8. One year bar. Notwithstanding the drawee bank's ordinary care or lack thereof, if the customer fails to report the alteration within one year of receiving the item or the statement, the customer is barred from passing on the loss.

  9. Repeat wrongdoer rule. If the alteration was the work of a repeat wrongdoer, the customer is precluded from passing on the loss. (See above under unauthorized signature.) (§4-406).

  10. Statute of limitations. The claim is barred if not filed within the statute of limitations. (§4-111.)

WHO CAN SUE WHOM FOR WHAT?

If an altered check is paid and none of the above defenses apply, the drawer of the check can pass the loss on to his bank. His bank can, in turn, make a claim for breach of presentment warranty to the presenting bank. The payee cannot sue the drawee bank unless the underlying obligation for which the check is given is extinguished. The payee in that instance could also sue the drawer.

Keep in mind: Persons who take checks showing visible evidence of alteration may take with notice of a claim or defense and thus may not be holders in due course. If this is the case, then all the sections that talk about who is precluded from passing a loss on will not apply to the extent the preclusion only extends to those who have taken or paid in good faith for value and without knowledge of a claim or defense.

All About Negligence

Generally, a person who by his negligence substantially contributes to a material alteration or to the making of an unauthorized signature is precluded from asserting the alteration or lack of authority against a holder in due course or a drawee or other payee who pays the item in good faith and in accordance with reasonable commercial standards of the drawee's or payee's business.

Who is protected.
This provision (3-406) protects:

  • the bank that cashes the check
  • the bank that takes it for deposit
  • the payor bank.

Examples of customer negligence:

  • following careless office procedures
  • failing to separate check-writing and statement review functions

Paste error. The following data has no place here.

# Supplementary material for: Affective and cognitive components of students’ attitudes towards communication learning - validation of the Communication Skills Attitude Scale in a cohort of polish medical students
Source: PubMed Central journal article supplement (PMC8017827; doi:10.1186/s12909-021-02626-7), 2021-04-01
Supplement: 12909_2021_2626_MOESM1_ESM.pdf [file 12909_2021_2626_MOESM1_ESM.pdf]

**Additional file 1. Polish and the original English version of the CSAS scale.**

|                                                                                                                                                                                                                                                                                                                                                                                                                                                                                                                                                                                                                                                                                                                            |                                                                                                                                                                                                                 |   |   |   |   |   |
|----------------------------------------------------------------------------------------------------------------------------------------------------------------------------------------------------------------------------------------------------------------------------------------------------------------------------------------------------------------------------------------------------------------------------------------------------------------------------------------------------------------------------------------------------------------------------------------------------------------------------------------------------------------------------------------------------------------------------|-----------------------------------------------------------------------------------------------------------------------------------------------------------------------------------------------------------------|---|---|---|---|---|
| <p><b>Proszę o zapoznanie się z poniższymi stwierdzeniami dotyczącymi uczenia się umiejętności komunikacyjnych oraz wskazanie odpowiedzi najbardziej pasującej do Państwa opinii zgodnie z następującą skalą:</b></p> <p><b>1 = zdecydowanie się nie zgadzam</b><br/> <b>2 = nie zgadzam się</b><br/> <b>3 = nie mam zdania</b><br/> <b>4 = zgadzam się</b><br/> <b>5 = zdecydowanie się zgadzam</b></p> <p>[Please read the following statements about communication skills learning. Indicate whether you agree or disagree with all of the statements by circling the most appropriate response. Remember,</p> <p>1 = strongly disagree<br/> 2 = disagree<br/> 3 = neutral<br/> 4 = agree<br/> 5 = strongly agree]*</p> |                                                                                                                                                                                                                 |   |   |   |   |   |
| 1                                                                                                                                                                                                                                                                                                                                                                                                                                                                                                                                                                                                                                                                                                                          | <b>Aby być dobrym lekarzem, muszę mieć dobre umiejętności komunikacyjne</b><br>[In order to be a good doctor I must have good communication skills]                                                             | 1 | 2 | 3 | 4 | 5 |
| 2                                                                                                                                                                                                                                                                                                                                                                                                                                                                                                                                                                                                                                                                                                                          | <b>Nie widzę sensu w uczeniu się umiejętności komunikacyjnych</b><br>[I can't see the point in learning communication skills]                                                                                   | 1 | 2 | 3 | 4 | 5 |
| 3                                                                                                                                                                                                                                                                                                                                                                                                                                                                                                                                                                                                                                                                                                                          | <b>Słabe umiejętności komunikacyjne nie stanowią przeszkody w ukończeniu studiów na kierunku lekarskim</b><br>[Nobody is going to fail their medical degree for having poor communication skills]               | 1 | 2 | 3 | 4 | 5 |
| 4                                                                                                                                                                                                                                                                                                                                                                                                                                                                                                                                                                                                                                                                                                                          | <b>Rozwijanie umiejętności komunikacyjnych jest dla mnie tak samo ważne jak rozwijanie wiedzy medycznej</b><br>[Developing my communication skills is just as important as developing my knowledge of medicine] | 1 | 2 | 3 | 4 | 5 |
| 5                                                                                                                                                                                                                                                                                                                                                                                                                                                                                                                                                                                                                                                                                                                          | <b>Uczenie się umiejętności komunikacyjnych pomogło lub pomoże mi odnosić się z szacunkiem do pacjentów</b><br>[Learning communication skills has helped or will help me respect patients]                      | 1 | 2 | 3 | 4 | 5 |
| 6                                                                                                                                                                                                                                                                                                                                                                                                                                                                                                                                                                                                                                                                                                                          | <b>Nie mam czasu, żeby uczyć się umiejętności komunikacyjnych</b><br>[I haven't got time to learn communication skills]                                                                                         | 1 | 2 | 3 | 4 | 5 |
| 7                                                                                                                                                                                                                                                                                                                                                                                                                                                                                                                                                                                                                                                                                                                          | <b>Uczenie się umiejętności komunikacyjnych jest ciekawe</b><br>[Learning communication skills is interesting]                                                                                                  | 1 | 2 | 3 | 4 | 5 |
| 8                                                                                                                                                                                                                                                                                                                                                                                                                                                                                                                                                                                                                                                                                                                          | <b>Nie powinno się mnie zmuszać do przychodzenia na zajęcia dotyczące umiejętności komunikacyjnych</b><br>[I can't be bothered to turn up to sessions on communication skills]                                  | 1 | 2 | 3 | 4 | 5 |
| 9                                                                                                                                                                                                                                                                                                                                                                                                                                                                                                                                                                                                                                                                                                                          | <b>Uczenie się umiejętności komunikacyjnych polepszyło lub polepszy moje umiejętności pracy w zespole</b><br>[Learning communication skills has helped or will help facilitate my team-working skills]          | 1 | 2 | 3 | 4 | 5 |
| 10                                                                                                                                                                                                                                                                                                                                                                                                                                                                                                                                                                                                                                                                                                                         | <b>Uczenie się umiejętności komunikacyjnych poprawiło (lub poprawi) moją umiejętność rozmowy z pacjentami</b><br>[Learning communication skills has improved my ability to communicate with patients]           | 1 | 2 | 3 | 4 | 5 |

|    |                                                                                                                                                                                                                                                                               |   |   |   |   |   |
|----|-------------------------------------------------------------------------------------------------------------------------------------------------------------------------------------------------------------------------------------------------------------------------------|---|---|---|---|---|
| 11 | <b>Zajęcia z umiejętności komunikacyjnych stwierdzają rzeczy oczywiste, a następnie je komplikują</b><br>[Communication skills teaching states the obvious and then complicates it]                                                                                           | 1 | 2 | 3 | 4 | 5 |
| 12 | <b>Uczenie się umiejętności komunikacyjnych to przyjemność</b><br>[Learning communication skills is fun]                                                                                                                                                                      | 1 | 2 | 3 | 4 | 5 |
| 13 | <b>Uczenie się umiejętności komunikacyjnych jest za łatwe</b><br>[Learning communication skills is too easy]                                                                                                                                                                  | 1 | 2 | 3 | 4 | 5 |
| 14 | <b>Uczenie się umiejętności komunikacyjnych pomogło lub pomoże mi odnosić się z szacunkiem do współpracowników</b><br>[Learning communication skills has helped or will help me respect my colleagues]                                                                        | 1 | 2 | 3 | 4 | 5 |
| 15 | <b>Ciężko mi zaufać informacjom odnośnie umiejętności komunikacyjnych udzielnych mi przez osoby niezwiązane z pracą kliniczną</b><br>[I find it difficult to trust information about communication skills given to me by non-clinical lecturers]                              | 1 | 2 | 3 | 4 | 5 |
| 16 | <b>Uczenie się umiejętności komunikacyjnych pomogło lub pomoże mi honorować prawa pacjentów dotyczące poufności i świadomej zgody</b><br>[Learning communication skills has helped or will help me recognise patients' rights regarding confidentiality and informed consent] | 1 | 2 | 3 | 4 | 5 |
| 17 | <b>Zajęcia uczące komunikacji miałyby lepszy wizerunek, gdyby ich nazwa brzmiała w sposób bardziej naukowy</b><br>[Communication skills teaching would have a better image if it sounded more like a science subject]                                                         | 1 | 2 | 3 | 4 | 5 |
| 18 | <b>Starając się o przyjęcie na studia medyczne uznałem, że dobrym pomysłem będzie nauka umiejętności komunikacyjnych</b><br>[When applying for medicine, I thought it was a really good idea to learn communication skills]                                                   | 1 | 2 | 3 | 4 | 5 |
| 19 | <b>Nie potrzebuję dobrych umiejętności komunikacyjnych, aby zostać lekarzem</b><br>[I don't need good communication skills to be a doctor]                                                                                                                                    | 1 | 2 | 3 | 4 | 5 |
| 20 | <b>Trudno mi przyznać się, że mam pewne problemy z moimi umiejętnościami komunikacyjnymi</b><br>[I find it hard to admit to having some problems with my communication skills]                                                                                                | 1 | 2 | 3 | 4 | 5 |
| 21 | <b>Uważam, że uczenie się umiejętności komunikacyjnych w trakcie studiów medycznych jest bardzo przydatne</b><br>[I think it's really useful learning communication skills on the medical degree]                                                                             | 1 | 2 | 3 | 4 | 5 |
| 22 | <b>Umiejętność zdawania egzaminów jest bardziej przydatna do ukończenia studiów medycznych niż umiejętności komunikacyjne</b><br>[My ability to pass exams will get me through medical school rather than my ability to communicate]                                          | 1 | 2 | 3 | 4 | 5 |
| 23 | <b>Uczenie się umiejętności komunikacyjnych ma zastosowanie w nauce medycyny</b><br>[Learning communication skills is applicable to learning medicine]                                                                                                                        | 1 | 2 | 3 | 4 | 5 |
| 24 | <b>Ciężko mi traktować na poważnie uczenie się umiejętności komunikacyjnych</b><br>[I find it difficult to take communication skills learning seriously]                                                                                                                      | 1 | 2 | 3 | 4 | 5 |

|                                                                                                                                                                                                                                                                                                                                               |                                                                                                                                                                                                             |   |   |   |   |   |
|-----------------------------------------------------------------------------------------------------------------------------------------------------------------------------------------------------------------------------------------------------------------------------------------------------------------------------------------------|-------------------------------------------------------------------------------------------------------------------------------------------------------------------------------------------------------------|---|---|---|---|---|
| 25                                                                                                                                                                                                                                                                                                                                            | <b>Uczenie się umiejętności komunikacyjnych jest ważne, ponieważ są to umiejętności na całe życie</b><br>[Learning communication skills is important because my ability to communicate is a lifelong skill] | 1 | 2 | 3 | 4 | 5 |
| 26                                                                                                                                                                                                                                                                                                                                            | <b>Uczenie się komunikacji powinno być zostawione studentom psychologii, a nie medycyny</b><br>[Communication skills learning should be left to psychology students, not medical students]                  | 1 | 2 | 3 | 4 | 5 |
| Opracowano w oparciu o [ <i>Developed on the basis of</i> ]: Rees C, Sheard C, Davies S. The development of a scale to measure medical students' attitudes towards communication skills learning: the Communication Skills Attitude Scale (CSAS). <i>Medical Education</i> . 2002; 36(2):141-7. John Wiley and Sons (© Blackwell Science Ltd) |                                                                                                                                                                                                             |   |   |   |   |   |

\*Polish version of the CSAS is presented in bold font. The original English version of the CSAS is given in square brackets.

• sending a check to a person with the same name as the payee
  • failing to adopt or follow audit procedures
  • careless handling of facsimile signature devices
  • knowingly hiring an untrustworthy bookkeeper
  • failing to take preventive action after learning of a forgery or alteration
  • negligent hiring practices (such as not checking references)
  • negligently making out a check (for example, leaving large spaces before the amount)

Following reasonable commercial standards:

  • includes following internal bank procedures and generally accepted banking practices
  • includes checking signatures and ID

Bulk filing and the duty of ordinary care

  1. bank used to be out of luck if it didn't examine the check
  2. under new definition of ordinary care under 3-103, the failure of the bank to examine a check will not constitute a lack of ordinary care if the failure to examine was
    1. in accordance with the bank's internal procedure; and
    2. that procedure does not vary unreasonably from general banking usage.


    HAVE A PROCEDURE FOR EXAMINATION OF CHECKS
    AND
    BE SURE YOU ADHERE TO IT!


    Joint Payee Problems

    Checks with joint payees may be made payable:

    • alternatively
    • jointly

    or

    • ambiguously

    Under the revised UCC Section 3-110(d), it states:

    • If an instrument is payable to two or more persons alternatively, it is payable to any of them and may be negotiated, discharged, or enforced by any or all of them in possession of the instrument;

    • If an instrument is payable to two or more persons not alternatively, it is payable to all of them and may be negotiated, discharged, or enforced only by all of them;

    • If an instrument payable to two or more persons is ambiguous as to whether it is payable to the persons alternatively, the instrument is payable alternatively.

    If a joint payee check is payable jointly and all the endorsements of all payees are not on the check, the check is not properly payable and if the bank pays it, it is liable to its customer.

    The UCC Warranties

    There are three sets of UCC warranties that are of particular importance in the area of problem checks. The three sets are the:

    1. transfer warranties (§4-207)
    2. presentment warranties (§4-208) and
    3. encoding warranties (§4-209).

    Transfer Warranties

    There are five separate transfer warranties. They are made by the customer or collecting bank that transfers an item and receives a settlement or other consideration to the transferee and to any subsequent collecting bank.

    The five warranties are that:

    1. The warrantor is a person entitled to enforce the item.[This basically means that there are no forged or missing endorsements.]